The day after the grand final of the Roof of the World Regatta we were setting off from Kara-Kul to Saritash in Kyrgyzstan. Since the Chinese National Day with its ten day border closure was impending, we didn’t take much time to explore Kyrgyzstan with its vast rolling grass steppe, wandering nomad tribes and their countless horse herds. Given the dramatic drop in temperature we could already notice at the border pass, this might have been a good decision.
On our arrival in Saritash the light rain had turned into big snowflakes and we took the first opportunity to get a lift to Hypa, a run-down village at 15km from the border, consisting of around 30 completely identical prefabricated houses from the Soviet era., wedged between a snow sprinkled mountain range and the dirty stream from the Irkeshtam pass, the border crossing point into China.
By the time we arrived it was night and the weather had turned into a heavy snow storm and we were thankful that a friendly homestay was taking us in, even after we found out that the dinner was solely composed of 5 (!) eggs, a loaf of bread and a musical interlude by the father of the house playing the accordion. Along with the two eggs we got for breakfast the next morning and the one from the day before, this made eight eggs within 24 hours, best regards to our cholesterol level!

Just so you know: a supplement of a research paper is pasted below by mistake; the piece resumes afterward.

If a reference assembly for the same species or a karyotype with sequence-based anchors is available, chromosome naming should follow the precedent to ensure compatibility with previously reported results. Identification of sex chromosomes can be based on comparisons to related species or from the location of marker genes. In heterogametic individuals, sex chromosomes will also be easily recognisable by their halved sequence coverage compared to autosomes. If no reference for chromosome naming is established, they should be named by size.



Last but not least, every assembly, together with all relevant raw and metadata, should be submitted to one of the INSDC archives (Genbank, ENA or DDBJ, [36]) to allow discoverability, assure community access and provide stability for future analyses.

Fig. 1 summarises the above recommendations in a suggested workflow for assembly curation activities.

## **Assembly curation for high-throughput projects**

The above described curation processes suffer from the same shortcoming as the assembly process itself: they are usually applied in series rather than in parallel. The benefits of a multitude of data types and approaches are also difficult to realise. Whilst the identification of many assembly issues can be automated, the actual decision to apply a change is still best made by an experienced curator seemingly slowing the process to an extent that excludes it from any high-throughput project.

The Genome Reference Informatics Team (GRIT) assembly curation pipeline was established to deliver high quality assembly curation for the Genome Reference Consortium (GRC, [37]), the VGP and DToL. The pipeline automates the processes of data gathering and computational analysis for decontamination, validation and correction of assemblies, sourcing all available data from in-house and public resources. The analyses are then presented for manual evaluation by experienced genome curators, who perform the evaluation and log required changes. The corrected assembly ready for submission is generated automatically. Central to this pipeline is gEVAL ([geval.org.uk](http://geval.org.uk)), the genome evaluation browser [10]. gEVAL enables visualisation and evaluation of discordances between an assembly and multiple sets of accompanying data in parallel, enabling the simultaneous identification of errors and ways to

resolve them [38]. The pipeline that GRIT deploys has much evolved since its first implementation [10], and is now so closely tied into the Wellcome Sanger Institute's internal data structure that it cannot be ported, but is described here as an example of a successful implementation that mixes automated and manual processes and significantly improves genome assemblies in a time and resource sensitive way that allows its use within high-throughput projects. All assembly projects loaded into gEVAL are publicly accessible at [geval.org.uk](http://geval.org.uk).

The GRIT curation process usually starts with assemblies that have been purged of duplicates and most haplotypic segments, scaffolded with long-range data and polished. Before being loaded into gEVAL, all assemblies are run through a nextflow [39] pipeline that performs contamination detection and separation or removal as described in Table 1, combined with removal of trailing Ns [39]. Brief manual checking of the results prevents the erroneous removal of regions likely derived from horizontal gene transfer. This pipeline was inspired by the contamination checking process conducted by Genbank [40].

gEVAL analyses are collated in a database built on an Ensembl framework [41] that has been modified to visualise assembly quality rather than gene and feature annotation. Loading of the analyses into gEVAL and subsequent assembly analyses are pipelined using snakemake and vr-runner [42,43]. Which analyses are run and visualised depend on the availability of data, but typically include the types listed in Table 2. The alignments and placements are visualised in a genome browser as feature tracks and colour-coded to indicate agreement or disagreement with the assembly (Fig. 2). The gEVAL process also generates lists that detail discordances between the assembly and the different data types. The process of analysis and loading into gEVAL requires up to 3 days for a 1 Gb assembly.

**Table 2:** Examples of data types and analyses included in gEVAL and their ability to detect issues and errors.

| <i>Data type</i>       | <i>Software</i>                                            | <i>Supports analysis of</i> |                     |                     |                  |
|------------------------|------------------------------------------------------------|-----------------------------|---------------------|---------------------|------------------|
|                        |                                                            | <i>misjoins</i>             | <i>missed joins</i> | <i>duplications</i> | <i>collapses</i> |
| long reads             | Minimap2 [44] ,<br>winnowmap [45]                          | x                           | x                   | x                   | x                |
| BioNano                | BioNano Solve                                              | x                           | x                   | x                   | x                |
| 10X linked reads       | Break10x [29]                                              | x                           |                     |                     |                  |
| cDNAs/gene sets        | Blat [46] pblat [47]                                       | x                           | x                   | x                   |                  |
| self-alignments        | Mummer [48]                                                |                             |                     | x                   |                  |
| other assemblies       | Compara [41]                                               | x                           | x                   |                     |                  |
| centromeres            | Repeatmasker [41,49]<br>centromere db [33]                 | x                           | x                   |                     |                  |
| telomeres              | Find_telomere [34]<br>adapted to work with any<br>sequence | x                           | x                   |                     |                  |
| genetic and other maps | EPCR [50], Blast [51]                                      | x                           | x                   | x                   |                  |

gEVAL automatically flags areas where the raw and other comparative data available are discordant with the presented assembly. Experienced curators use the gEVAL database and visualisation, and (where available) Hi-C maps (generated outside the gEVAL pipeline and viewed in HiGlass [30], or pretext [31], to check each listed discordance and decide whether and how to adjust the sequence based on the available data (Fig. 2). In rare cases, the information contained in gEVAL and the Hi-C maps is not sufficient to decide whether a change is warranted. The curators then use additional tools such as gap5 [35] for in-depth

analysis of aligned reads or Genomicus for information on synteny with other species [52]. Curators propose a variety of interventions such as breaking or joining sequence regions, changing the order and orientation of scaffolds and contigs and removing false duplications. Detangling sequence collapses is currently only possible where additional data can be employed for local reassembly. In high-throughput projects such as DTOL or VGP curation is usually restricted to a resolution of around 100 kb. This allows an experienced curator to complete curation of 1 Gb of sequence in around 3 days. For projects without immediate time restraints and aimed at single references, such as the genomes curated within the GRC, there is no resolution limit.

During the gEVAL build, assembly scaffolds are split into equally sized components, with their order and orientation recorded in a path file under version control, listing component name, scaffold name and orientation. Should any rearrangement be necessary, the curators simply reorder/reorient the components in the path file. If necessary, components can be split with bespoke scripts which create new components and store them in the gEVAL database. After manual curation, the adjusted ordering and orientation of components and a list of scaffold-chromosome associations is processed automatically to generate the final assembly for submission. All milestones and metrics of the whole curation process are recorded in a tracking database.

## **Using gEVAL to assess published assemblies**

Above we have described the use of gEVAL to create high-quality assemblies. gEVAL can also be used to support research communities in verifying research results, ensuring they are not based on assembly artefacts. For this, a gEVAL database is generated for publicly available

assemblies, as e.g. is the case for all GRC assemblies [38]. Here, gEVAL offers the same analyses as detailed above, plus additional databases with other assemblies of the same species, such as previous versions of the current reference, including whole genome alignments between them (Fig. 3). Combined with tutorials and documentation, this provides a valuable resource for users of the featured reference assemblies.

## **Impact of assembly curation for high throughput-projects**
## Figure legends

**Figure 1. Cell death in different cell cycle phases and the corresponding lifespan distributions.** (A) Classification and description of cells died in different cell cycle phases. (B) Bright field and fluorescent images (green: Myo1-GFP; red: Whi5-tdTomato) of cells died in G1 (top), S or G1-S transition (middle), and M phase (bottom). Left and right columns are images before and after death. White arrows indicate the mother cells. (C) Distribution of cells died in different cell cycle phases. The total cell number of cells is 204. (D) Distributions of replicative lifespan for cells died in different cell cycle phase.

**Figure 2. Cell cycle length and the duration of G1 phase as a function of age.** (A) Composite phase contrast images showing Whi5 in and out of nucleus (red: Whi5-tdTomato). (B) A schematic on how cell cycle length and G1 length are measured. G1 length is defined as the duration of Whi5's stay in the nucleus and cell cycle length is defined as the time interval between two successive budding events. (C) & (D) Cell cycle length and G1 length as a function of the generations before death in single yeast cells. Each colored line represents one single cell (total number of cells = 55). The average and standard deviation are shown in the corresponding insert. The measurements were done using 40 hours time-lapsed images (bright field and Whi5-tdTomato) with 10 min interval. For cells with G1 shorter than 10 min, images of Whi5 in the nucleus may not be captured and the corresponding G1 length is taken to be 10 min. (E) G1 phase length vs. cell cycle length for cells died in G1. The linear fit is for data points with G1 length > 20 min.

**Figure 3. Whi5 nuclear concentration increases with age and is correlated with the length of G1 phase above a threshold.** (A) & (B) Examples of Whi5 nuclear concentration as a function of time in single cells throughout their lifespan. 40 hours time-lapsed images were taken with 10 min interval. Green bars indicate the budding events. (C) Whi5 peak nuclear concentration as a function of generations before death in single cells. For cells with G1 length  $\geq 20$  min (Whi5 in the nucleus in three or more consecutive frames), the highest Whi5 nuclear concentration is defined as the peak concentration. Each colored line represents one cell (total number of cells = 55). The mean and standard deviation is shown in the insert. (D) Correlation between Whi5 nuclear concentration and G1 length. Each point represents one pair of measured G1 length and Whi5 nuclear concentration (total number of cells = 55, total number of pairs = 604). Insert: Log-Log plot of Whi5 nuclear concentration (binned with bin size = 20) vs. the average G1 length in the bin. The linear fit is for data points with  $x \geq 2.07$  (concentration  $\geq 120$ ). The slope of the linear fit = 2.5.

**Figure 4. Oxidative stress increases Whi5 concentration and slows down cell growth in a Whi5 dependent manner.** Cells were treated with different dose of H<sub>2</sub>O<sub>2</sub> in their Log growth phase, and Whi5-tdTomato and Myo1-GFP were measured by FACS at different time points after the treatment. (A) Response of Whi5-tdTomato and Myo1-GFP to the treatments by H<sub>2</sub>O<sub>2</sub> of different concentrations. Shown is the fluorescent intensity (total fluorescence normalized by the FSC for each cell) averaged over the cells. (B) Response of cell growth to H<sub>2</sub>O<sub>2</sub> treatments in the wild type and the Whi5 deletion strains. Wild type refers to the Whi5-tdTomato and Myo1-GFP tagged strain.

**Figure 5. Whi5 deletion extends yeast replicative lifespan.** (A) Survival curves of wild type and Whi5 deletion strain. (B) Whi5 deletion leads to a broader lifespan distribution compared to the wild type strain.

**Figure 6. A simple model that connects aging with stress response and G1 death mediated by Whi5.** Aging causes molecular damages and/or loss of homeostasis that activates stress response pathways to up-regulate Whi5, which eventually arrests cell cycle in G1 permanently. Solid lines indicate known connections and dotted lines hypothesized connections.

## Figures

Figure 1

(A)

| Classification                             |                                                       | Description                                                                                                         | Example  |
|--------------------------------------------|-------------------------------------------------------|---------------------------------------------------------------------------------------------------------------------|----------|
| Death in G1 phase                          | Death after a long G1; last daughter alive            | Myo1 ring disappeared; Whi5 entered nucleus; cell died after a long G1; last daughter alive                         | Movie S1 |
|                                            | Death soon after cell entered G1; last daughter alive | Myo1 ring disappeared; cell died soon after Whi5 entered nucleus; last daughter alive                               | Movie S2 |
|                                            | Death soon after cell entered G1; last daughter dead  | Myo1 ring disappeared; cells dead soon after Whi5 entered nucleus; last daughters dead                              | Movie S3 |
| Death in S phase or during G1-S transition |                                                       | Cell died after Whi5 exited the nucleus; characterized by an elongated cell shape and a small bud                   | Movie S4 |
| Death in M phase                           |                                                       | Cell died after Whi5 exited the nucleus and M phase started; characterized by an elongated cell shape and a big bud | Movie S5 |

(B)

Bad news right after breakfast, the border was again closed for today, which meant that we had just two days left, before China suspends border crossing for at least ten days. What could have turned into a race against time was luckily resolved the next morning when the soldier behind the Kyrgyz gate bar was friendly waving us through. A short climb up to the Irkeshtam pass along dozens of trucks that were waiting here since days and some more passport stamping later, we crossed the entry gates into China! Almost six month after we had left home, we had nearly crossed our whole continent and were setting foot on Chinese ground 🙂
Unfortunately our happiness was quite short-lived as the border police took our passports and let us – and all the other tourists – wait for seven hours. They refused to let us setting off with our bicycles until we finally managed to grad one of the “official” taxis to bring us to the customs office which is 150km from the actual border. Even then the return of our passports was delayed due to a critical incident – in form of a two hour lunch break! We were making the best out of the waste of time and made friends with a group of Omanis on motorbikes that were accompanied by a remarkable well equipped escort jeep, supplying us with rare delicacies like fresh dates and spicy beef jerky 🙂